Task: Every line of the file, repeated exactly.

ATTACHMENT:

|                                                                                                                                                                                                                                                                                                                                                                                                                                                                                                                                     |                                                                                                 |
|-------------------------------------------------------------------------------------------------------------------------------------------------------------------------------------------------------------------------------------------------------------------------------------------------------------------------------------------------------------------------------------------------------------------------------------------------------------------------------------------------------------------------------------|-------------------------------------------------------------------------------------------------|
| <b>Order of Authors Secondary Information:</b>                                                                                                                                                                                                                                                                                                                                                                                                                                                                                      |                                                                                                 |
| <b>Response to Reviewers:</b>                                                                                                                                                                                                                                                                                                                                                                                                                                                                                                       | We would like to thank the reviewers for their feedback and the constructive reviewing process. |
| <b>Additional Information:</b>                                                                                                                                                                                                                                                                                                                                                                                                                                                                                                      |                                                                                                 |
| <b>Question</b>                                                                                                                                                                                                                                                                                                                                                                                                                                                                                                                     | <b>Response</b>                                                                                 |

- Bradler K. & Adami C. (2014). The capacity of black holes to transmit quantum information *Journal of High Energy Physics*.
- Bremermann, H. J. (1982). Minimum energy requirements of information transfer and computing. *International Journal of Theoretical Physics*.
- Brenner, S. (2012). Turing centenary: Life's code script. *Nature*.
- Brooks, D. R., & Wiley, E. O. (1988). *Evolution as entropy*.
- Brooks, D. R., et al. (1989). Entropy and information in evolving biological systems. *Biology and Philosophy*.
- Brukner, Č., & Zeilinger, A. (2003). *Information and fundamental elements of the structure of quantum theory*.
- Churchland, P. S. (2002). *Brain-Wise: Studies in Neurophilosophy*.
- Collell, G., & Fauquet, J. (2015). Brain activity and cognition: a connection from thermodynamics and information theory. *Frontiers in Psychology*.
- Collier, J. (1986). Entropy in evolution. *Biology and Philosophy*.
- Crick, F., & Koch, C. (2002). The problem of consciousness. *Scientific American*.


|                                                                                                                                                                                                                                                                                                                                                                                                                                                                                                                                     |                                                                                                 |
|-------------------------------------------------------------------------------------------------------------------------------------------------------------------------------------------------------------------------------------------------------------------------------------------------------------------------------------------------------------------------------------------------------------------------------------------------------------------------------------------------------------------------------------|-------------------------------------------------------------------------------------------------|
| <b>Order of Authors Secondary Information:</b>                                                                                                                                                                                                                                                                                                                                                                                                                                                                                      |                                                                                                 |
| <b>Response to Reviewers:</b>                                                                                                                                                                                                                                                                                                                                                                                                                                                                                                       | We would like to thank the reviewers for their feedback and the constructive reviewing process. |
| <b>Additional Information:</b>                                                                                                                                                                                                                                                                                                                                                                                                                                                                                                      |                                                                                                 |
| <b>Question</b>                                                                                                                                                                                                                                                                                                                                                                                                                                                                                                                     | <b>Response</b>                                                                                 |

- Bradler K. & Adami C. (2014). The capacity of black holes to transmit quantum information *Journal of High Energy Physics*.
- Bremermann, H. J. (1982). Minimum energy requirements of information transfer and computing. *International Journal of Theoretical Physics*.
- Brenner, S. (2012). Turing centenary: Life's code script. *Nature*.
- Brooks, D. R., & Wiley, E. O. (1988). *Evolution as entropy*.
- Brooks, D. R., et al. (1989). Entropy and information in evolving biological systems. *Biology and Philosophy*.
- Brukner, Č., & Zeilinger, A. (2003). *Information and fundamental elements of the structure of quantum theory*.
- Churchland, P. S. (2002). *Brain-Wise: Studies in Neurophilosophy*.
- Collell, G., & Fauquet, J. (2015). Brain activity and cognition: a connection from thermodynamics and information theory. *Frontiers in Psychology*.
- Collier, J. (1986). Entropy in evolution. *Biology and Philosophy*.
- Crick, F., & Koch, C. (2002). The problem of consciousness. *Scientific American*.